702 F2d 634 National Labor Relations Board v. Hubbard Company

702 F.2d 634

112 L.R.R.M. (BNA) 3238, 96 Lab.Cas. P 14,149

The HUBBARD COMPANY, Respondent.

No. 81-1674.

United States Court of Appeals,
Sixth Circuit.

Argued Jan. 19, 1983.
Decided March 22, 1983.

Elliott Moore, Deputy Associate Gen. Counsel, Ralph Simpson (argued), N.L.R.B., Washington, D.C., for petitioner.

Donald M. Mewhort, Jr., Timothy C. McCarthy (argued), Toledo, Ohio, for respondent.

Before KENNEDY, JONES and CONTIE, Circuit Judges.


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The National Labor Relations Board petitions for enforcement of an order directing the Hubbard Company (Company) to bargain with Toledo Typographical Union No. 63, International Typographical Union, AFL-CIO (Union). The Company opposes enforcement on the grounds that the Union was improperly certified as the employees' bargaining representative. For the reasons stated below, we deny the Board's petition for enforcement.



In April 1980, a representation election was held among the Company's production, maintenance and delivery employees at its Defiance, Ohio facility. The record indicates that all twenty-two eligible voters cast ballots. The final tally showed that eleven employees voted for the Union, ten opposed the Union, and one ballot--that of Steven Hall, son-in-law of the Company's president and majority stockholder--was challenged by the Union on the basis that he was either not an "employee" under section 2(3) of the National Labor Relations Act (Act), 29 U.S.C. Sec. 152(3), or that his interests were more closely allied with management than with the unit employees. 29 U.S.C. Sec. 159(b).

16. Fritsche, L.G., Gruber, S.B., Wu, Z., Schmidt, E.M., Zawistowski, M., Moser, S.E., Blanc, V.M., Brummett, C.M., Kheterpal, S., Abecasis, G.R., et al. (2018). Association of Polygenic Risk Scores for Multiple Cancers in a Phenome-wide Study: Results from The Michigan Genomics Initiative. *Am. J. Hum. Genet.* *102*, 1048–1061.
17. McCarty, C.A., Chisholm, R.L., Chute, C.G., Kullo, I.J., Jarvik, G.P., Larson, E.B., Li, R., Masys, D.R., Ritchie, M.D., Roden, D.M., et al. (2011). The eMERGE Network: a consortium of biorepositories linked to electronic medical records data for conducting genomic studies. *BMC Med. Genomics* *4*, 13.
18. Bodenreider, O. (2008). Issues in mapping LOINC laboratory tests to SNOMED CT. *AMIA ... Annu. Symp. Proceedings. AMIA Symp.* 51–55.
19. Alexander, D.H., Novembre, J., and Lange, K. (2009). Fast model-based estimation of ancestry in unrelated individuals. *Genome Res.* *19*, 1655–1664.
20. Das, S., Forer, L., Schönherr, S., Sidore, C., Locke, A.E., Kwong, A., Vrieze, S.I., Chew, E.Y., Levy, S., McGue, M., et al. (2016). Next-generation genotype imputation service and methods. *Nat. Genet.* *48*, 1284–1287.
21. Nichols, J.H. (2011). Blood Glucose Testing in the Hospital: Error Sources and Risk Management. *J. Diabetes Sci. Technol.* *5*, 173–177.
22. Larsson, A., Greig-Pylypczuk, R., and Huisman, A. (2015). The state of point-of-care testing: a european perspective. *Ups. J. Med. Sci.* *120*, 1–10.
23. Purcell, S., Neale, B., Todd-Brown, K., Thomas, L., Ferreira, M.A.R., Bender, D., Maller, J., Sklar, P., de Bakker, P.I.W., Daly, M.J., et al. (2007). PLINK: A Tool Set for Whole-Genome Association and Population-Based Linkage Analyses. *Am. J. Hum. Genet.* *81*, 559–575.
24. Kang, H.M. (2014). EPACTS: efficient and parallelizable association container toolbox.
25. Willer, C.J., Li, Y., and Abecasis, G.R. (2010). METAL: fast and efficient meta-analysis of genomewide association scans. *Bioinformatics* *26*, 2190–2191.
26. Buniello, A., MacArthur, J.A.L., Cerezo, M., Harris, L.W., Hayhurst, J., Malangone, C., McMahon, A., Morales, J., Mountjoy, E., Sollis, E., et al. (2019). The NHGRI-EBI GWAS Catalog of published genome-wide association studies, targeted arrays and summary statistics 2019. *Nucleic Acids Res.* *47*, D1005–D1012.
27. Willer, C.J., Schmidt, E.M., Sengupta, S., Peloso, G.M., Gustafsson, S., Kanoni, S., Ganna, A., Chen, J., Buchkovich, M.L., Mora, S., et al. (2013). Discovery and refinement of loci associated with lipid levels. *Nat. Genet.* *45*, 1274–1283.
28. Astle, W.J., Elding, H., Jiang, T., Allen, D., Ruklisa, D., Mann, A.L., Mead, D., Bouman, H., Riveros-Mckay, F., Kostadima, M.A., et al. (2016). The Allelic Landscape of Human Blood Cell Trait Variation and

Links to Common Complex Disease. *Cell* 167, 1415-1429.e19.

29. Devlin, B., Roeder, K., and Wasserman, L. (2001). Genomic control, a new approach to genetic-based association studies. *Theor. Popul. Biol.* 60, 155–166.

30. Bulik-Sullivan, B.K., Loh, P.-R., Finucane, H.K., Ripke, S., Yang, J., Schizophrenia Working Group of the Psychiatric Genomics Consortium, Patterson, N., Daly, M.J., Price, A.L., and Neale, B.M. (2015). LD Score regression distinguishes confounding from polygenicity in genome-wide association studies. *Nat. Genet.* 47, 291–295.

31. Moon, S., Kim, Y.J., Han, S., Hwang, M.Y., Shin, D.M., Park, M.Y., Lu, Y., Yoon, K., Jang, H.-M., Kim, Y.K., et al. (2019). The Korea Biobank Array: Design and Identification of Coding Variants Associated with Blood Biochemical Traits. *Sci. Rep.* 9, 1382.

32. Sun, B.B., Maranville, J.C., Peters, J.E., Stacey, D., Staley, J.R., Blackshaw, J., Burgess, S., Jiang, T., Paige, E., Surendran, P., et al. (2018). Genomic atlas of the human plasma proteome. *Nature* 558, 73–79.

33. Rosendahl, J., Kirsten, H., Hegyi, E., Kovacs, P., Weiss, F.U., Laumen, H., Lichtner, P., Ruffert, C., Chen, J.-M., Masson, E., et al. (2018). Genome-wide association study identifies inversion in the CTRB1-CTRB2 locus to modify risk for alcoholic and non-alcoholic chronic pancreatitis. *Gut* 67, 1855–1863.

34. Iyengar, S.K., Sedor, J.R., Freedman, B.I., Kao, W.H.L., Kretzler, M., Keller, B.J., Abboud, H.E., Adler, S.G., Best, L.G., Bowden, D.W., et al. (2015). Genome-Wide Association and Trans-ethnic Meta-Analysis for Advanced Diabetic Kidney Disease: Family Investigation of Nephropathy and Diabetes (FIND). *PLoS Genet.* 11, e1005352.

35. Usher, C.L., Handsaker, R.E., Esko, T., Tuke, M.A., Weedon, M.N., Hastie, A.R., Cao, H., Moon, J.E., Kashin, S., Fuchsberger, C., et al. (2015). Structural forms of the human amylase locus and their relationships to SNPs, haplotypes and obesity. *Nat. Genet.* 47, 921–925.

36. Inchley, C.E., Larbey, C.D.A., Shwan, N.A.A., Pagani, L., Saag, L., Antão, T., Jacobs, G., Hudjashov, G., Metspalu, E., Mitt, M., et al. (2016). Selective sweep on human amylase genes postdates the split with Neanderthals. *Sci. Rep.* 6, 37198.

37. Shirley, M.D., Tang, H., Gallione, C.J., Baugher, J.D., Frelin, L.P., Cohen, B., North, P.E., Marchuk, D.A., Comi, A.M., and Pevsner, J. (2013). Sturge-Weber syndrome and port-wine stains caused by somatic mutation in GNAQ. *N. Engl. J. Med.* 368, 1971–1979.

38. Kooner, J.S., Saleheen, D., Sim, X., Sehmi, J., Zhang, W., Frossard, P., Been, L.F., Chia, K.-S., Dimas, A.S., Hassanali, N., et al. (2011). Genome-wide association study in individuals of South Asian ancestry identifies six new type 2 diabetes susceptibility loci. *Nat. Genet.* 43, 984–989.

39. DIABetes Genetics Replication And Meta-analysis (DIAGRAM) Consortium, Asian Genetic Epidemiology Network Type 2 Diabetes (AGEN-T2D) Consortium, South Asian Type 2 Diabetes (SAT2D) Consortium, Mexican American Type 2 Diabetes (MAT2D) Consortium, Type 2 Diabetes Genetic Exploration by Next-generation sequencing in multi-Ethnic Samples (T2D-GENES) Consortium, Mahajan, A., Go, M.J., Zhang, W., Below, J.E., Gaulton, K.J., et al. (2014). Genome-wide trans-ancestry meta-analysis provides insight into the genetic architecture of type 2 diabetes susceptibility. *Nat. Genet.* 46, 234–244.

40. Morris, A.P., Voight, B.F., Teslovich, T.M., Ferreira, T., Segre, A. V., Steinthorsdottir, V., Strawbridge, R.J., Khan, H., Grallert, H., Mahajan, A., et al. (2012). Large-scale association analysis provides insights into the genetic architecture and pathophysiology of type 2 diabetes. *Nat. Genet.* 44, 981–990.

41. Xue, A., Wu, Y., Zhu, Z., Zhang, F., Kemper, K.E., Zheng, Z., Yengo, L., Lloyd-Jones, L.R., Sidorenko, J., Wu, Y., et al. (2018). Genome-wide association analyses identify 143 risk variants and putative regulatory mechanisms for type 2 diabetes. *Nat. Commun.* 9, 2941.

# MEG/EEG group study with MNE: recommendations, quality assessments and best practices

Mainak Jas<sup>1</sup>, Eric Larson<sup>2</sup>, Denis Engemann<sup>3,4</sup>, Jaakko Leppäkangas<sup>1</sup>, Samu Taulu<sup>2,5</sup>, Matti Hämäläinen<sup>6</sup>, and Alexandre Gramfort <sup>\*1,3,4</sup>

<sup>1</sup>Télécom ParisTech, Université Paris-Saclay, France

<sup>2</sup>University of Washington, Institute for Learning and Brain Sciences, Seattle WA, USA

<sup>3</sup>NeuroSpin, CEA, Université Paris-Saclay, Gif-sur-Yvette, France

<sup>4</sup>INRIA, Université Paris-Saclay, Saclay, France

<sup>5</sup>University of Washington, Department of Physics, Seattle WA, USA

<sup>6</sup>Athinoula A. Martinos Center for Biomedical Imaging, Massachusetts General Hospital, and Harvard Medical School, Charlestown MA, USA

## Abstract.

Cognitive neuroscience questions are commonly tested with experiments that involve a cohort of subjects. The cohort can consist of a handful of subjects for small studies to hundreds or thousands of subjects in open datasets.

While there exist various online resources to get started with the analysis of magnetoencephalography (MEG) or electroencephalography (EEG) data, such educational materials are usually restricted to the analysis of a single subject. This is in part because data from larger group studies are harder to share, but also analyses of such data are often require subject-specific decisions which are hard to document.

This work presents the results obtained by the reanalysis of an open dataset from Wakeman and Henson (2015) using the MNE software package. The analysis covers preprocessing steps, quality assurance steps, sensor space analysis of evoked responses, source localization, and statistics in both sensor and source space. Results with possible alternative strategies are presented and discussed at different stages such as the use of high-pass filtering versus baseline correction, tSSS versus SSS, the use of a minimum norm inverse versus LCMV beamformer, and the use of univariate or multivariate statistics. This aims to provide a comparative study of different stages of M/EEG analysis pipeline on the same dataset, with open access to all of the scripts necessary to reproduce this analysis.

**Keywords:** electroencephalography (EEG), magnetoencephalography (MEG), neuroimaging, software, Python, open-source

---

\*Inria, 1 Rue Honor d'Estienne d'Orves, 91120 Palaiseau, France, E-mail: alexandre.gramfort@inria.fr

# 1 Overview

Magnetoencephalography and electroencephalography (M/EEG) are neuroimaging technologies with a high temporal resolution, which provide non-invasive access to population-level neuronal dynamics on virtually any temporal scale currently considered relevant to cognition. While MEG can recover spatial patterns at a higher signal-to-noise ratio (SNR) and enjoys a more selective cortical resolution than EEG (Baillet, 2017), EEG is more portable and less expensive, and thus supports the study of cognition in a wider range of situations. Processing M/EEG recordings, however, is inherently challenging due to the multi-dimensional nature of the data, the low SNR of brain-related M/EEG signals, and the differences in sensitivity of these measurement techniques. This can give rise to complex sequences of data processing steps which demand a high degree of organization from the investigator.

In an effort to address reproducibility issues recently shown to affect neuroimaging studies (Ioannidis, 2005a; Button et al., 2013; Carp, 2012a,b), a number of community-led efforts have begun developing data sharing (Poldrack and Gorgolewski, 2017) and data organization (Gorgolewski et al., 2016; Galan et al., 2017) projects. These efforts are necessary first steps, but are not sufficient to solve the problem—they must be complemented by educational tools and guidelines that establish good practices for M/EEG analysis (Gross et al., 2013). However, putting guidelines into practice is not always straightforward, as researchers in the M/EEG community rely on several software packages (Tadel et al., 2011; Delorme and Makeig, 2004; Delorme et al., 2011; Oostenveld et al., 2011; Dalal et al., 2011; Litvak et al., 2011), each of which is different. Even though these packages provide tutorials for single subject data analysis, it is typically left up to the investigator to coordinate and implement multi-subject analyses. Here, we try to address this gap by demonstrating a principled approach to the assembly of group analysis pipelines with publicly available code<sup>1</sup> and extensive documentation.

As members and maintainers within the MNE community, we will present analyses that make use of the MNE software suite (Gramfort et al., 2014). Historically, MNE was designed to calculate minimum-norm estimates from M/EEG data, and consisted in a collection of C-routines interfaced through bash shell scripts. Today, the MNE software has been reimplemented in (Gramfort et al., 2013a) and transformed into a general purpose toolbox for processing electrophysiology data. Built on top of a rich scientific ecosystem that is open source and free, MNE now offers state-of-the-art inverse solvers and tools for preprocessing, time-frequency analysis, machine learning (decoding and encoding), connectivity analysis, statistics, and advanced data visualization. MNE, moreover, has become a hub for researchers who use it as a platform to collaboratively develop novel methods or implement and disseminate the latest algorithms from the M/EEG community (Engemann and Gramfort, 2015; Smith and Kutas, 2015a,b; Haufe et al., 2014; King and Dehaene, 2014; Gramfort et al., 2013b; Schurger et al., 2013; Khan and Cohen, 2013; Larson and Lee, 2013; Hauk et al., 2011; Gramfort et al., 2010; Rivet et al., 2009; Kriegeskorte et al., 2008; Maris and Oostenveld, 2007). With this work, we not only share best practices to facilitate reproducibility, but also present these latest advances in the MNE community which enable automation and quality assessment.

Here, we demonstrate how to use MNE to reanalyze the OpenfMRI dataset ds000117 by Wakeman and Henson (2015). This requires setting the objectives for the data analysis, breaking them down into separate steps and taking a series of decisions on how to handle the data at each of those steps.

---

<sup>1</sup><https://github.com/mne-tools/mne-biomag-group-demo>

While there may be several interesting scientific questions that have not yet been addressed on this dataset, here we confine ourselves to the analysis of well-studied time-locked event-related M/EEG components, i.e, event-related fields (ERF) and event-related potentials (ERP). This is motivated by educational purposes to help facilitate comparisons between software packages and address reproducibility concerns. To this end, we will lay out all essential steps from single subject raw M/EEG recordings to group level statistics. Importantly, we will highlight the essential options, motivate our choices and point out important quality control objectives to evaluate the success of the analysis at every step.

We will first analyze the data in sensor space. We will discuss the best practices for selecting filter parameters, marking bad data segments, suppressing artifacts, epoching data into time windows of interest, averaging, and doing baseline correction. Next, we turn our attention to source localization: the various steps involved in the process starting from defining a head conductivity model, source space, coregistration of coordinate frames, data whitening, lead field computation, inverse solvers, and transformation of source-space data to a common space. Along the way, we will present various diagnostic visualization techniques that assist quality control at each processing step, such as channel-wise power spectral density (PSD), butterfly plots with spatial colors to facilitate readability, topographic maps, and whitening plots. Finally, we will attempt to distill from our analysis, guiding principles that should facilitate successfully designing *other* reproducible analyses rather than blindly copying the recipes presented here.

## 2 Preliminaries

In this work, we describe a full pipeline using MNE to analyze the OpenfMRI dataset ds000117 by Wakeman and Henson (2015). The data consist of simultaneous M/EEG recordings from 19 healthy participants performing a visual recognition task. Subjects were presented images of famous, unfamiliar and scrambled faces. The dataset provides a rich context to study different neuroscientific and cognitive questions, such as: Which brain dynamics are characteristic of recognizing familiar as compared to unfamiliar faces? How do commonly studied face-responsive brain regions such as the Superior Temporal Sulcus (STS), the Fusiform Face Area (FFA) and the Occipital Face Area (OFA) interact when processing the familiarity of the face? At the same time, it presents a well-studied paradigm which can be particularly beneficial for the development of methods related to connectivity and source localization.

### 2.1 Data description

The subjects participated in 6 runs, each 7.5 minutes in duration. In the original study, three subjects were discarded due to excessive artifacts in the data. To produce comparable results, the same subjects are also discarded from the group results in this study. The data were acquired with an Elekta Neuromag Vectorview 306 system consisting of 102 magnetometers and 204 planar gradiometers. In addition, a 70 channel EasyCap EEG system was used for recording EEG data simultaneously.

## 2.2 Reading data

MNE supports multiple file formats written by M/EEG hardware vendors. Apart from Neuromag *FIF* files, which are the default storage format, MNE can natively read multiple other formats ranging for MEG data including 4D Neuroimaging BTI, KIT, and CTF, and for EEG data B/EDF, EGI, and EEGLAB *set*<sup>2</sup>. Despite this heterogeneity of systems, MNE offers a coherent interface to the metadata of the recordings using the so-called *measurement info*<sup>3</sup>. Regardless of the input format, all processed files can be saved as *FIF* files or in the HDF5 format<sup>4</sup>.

Since the challenged ballot could have affected the outcome of the election, the Regional Director conducted an administrative investigation pursuant to 29 C.F.R. Sec. 102.69(c)(1). The Director's report indicated that Hall is the son-in-law of the president and majority stockholder of the Company, and that the contesting parties had stipulated before the election that Mrs. Hall was not an eligible voter because of her relationship to her father. At the time of the election, Mr. and Mrs. Hall worked four ten-hour days, beginning at 2:30 p.m. Monday through Thursday, running the binding equipment on the Company's second shift. The only other people who worked during the second shift were two janitorial employees. Before the Halls, no other employee on either shift had worked a 4-day, 10-hour work week. Thus, the married couple who previously ran the binding equipment on the second shift worked five eight-hour days. The report also indicated that all supervisors and first shift employees leave the Company's facility by 6:00 p.m. each evening, and thus the Halls work without supervision during approximately two-thirds of their work day.1